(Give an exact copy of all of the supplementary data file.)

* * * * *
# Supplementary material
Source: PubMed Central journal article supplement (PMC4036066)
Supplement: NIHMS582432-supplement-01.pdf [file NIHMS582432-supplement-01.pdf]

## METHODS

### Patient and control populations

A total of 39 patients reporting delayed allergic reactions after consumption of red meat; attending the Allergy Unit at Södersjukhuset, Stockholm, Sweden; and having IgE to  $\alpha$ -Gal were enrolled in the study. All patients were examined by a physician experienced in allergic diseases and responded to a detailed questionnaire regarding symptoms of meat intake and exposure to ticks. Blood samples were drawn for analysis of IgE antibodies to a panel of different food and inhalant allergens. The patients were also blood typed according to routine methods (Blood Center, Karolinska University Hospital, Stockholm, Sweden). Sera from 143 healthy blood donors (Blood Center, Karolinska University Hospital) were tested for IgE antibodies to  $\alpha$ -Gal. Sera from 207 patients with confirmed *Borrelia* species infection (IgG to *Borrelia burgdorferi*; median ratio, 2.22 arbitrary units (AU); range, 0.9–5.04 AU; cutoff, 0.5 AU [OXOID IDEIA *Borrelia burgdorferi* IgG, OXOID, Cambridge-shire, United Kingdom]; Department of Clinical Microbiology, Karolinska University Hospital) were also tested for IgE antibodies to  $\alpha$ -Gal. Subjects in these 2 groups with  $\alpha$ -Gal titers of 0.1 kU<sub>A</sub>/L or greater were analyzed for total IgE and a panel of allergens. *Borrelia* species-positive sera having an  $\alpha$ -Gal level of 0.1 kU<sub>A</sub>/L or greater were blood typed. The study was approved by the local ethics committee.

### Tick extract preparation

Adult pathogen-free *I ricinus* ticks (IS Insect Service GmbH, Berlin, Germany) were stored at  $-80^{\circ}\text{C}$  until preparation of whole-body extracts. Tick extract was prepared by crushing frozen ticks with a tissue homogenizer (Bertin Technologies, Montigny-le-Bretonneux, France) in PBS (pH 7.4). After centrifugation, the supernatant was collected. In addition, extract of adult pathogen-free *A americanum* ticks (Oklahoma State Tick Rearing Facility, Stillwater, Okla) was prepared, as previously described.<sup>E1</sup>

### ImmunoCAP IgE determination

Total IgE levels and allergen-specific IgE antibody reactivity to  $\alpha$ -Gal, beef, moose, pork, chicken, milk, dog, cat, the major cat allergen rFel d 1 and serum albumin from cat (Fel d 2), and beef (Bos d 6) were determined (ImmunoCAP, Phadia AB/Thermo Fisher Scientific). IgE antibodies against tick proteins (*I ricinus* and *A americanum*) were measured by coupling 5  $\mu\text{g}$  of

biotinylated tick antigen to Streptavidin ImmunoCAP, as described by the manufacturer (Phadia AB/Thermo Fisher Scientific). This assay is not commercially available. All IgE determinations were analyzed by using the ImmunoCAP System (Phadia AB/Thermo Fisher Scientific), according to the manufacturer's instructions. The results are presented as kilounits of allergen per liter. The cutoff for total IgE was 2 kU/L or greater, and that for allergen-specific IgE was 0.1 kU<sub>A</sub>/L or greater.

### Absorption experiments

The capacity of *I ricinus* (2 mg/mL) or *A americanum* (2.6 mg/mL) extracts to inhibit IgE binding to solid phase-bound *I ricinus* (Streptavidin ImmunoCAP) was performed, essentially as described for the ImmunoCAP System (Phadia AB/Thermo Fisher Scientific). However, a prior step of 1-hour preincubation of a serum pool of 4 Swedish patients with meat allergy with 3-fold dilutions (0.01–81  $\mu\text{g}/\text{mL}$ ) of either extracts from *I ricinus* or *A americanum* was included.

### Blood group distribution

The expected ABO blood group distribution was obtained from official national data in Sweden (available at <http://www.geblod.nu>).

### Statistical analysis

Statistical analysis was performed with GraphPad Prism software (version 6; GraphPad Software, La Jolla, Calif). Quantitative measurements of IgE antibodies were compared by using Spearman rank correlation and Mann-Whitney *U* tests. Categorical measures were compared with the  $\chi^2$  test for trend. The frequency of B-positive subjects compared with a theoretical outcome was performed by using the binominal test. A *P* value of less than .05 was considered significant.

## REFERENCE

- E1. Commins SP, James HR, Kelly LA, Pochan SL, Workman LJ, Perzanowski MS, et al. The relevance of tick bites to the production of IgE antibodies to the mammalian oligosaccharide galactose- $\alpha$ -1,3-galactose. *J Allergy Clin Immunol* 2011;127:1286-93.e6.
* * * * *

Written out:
# Supplementary material
Source: PubMed Central journal article supplement (PMC4036066)
Supplement: NIHMS582432-supplement-01.pdf [file NIHMS582432-supplement-01.pdf]

## METHODS

### Patient and control populations

A total of 39 patients reporting delayed allergic reactions after consumption of red meat; attending the Allergy Unit at Södersjukhuset, Stockholm, Sweden; and having IgE to  $\alpha$ -Gal were enrolled in the study. All patients were examined by a physician experienced in allergic diseases and responded to a detailed questionnaire regarding symptoms of meat intake and exposure to ticks. Blood samples were drawn for analysis of IgE antibodies to a panel of different food and inhalant allergens. The patients were also blood typed according to routine methods (Blood Center, Karolinska University Hospital, Stockholm, Sweden). Sera from 143 healthy blood donors (Blood Center, Karolinska University Hospital) were tested for IgE antibodies to  $\alpha$ -Gal. Sera from 207 patients with confirmed *Borrelia* species infection (IgG to *Borrelia burgdorferi*; median ratio, 2.22 arbitrary units (AU); range, 0.9–5.04 AU; cutoff, 0.5 AU [OXOID IDEIA *Borrelia burgdorferi* IgG, OXOID, Cambridge-shire, United Kingdom]; Department of Clinical Microbiology, Karolinska University Hospital) were also tested for IgE antibodies to  $\alpha$ -Gal. Subjects in these 2 groups with  $\alpha$ -Gal titers of 0.1 kU<sub>A</sub>/L or greater were analyzed for total IgE and a panel of allergens. *Borrelia* species-positive sera having an  $\alpha$ -Gal level of 0.1 kU<sub>A</sub>/L or greater were blood typed. The study was approved by the local ethics committee.

### Tick extract preparation

Adult pathogen-free *I ricinus* ticks (IS Insect Service GmbH, Berlin, Germany) were stored at  $-80^{\circ}\text{C}$  until preparation of whole-body extracts. Tick extract was prepared by crushing frozen ticks with a tissue homogenizer (Bertin Technologies, Montigny-le-Bretonneux, France) in PBS (pH 7.4). After centrifugation, the supernatant was collected. In addition, extract of adult pathogen-free *A americanum* ticks (Oklahoma State Tick Rearing Facility, Stillwater, Okla) was prepared, as previously described.<sup>E1</sup>

### ImmunoCAP IgE determination

Total IgE levels and allergen-specific IgE antibody reactivity to  $\alpha$ -Gal, beef, moose, pork, chicken, milk, dog, cat, the major cat allergen rFel d 1 and serum albumin from cat (Fel d 2), and beef (Bos d 6) were determined (ImmunoCAP, Phadia AB/Thermo Fisher Scientific). IgE antibodies against tick proteins (*I ricinus* and *A americanum*) were measured by coupling 5  $\mu\text{g}$  of

biotinylated tick antigen to Streptavidin ImmunoCAP, as described by the manufacturer (Phadia AB/Thermo Fisher Scientific). This assay is not commercially available. All IgE determinations were analyzed by using the ImmunoCAP System (Phadia AB/Thermo Fisher Scientific), according to the manufacturer's instructions. The results are presented as kilounits of allergen per liter. The cutoff for total IgE was 2 kU/L or greater, and that for allergen-specific IgE was 0.1 kU<sub>A</sub>/L or greater.

### Absorption experiments

The capacity of *I ricinus* (2 mg/mL) or *A americanum* (2.6 mg/mL) extracts to inhibit IgE binding to solid phase-bound *I ricinus* (Streptavidin ImmunoCAP) was performed, essentially as described for the ImmunoCAP System (Phadia AB/Thermo Fisher Scientific). However, a prior step of 1-hour preincubation of a serum pool of 4 Swedish patients with meat allergy with 3-fold dilutions (0.01–81  $\mu\text{g}/\text{mL}$ ) of either extracts from *I ricinus* or *A americanum* was included.

### Blood group distribution

The expected ABO blood group distribution was obtained from official national data in Sweden (available at <http://www.geblod.nu>).

### Statistical analysis

Statistical analysis was performed with GraphPad Prism software (version 6; GraphPad Software, La Jolla, Calif). Quantitative measurements of IgE antibodies were compared by using Spearman rank correlation and Mann-Whitney *U* tests. Categorical measures were compared with the  $\chi^2$  test for trend. The frequency of B-positive subjects compared with a theoretical outcome was performed by using the binominal test. A *P* value of less than .05 was considered significant.

## REFERENCE

- E1. Commins SP, James HR, Kelly LA, Pochan SL, Workman LJ, Perzanowski MS, et al. The relevance of tick bites to the production of IgE antibodies to the mammalian oligosaccharide galactose- $\alpha$ -1,3-galactose. *J Allergy Clin Immunol* 2011;127:1286-93.e6.